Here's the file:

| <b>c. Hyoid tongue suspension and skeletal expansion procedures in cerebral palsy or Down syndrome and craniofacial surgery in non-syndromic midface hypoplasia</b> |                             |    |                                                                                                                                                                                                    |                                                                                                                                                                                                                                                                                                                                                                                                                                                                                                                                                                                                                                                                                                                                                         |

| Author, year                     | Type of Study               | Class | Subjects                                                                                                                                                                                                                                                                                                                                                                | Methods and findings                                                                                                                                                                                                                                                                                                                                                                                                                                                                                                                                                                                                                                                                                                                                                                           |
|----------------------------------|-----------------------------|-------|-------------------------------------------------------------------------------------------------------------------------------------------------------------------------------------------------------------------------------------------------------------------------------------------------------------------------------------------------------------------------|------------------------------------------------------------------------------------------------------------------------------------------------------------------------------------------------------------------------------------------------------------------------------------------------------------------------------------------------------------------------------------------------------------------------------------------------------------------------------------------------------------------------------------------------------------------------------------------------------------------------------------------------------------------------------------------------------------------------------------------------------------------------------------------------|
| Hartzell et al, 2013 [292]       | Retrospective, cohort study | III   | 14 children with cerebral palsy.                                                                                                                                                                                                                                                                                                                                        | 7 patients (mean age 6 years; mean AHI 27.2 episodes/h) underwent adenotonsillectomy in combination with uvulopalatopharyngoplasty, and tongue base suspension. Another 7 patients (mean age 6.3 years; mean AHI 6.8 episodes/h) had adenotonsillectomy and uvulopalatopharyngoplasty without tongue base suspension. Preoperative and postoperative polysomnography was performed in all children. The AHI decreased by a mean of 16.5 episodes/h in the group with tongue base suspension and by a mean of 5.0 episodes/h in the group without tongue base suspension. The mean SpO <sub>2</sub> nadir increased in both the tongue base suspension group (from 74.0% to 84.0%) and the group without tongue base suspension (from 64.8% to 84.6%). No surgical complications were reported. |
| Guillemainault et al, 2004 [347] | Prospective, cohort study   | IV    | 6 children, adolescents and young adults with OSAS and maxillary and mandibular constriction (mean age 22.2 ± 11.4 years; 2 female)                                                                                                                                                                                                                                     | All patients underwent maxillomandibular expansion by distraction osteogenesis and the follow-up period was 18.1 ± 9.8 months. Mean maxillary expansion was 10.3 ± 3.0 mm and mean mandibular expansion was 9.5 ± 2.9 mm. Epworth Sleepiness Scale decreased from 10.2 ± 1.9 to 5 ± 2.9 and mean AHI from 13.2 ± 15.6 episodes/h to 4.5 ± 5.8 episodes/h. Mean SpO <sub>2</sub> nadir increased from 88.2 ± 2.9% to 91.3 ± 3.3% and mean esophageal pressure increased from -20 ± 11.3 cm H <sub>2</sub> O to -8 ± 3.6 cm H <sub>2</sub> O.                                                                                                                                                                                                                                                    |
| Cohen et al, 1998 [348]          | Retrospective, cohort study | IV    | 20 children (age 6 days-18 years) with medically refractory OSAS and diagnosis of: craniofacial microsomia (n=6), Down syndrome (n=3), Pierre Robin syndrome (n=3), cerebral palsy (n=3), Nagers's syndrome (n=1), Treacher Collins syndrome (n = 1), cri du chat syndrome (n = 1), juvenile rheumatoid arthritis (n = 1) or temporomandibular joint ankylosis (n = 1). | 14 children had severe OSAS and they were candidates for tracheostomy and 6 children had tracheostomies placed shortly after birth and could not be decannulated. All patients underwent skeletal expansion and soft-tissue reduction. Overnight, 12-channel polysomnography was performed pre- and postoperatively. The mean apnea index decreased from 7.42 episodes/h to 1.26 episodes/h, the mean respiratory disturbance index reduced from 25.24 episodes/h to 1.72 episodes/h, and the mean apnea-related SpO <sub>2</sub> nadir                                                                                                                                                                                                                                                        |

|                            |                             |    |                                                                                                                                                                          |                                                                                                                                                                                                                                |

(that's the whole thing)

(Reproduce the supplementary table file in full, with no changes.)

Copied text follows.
| <b>c. Hyoid tongue suspension and skeletal expansion procedures in cerebral palsy or Down syndrome and craniofacial surgery in non-syndromic midface hypoplasia</b> |                             |    |                                                                                                                                                                                                    |                                                                                                                                                                                                                                                                                                                                                                                                                                                                                                                                                                                                                                                                                                                                                         |

| Author, year                     | Type of Study               | Class | Subjects                                                                                                                                                                                                                                                                                                                                                                | Methods and findings                                                                                                                                                                                                                                                                                                                                                                                                                                                                                                                                                                                                                                                                                                                                                                           |
|----------------------------------|-----------------------------|-------|-------------------------------------------------------------------------------------------------------------------------------------------------------------------------------------------------------------------------------------------------------------------------------------------------------------------------------------------------------------------------|------------------------------------------------------------------------------------------------------------------------------------------------------------------------------------------------------------------------------------------------------------------------------------------------------------------------------------------------------------------------------------------------------------------------------------------------------------------------------------------------------------------------------------------------------------------------------------------------------------------------------------------------------------------------------------------------------------------------------------------------------------------------------------------------|
| Hartzell et al, 2013 [292]       | Retrospective, cohort study | III   | 14 children with cerebral palsy.                                                                                                                                                                                                                                                                                                                                        | 7 patients (mean age 6 years; mean AHI 27.2 episodes/h) underwent adenotonsillectomy in combination with uvulopalatopharyngoplasty, and tongue base suspension. Another 7 patients (mean age 6.3 years; mean AHI 6.8 episodes/h) had adenotonsillectomy and uvulopalatopharyngoplasty without tongue base suspension. Preoperative and postoperative polysomnography was performed in all children. The AHI decreased by a mean of 16.5 episodes/h in the group with tongue base suspension and by a mean of 5.0 episodes/h in the group without tongue base suspension. The mean SpO <sub>2</sub> nadir increased in both the tongue base suspension group (from 74.0% to 84.0%) and the group without tongue base suspension (from 64.8% to 84.6%). No surgical complications were reported. |
| Guillemainault et al, 2004 [347] | Prospective, cohort study   | IV    | 6 children, adolescents and young adults with OSAS and maxillary and mandibular constriction (mean age 22.2 ± 11.4 years; 2 female)                                                                                                                                                                                                                                     | All patients underwent maxillomandibular expansion by distraction osteogenesis and the follow-up period was 18.1 ± 9.8 months. Mean maxillary expansion was 10.3 ± 3.0 mm and mean mandibular expansion was 9.5 ± 2.9 mm. Epworth Sleepiness Scale decreased from 10.2 ± 1.9 to 5 ± 2.9 and mean AHI from 13.2 ± 15.6 episodes/h to 4.5 ± 5.8 episodes/h. Mean SpO <sub>2</sub> nadir increased from 88.2 ± 2.9% to 91.3 ± 3.3% and mean esophageal pressure increased from -20 ± 11.3 cm H <sub>2</sub> O to -8 ± 3.6 cm H <sub>2</sub> O.                                                                                                                                                                                                                                                    |
| Cohen et al, 1998 [348]          | Retrospective, cohort study | IV    | 20 children (age 6 days-18 years) with medically refractory OSAS and diagnosis of: craniofacial microsomia (n=6), Down syndrome (n=3), Pierre Robin syndrome (n=3), cerebral palsy (n=3), Nagers's syndrome (n=1), Treacher Collins syndrome (n = 1), cri du chat syndrome (n = 1), juvenile rheumatoid arthritis (n = 1) or temporomandibular joint ankylosis (n = 1). | 14 children had severe OSAS and they were candidates for tracheostomy and 6 children had tracheostomies placed shortly after birth and could not be decannulated. All patients underwent skeletal expansion and soft-tissue reduction. Overnight, 12-channel polysomnography was performed pre- and postoperatively. The mean apnea index decreased from 7.42 episodes/h to 1.26 episodes/h, the mean respiratory disturbance index reduced from 25.24 episodes/h to 1.72 episodes/h, and the mean apnea-related SpO <sub>2</sub> nadir                                                                                                                                                                                                                                                        |

|                            |                             |    |                                                                                                                                                                          |                                                                                                                                                                                                                                |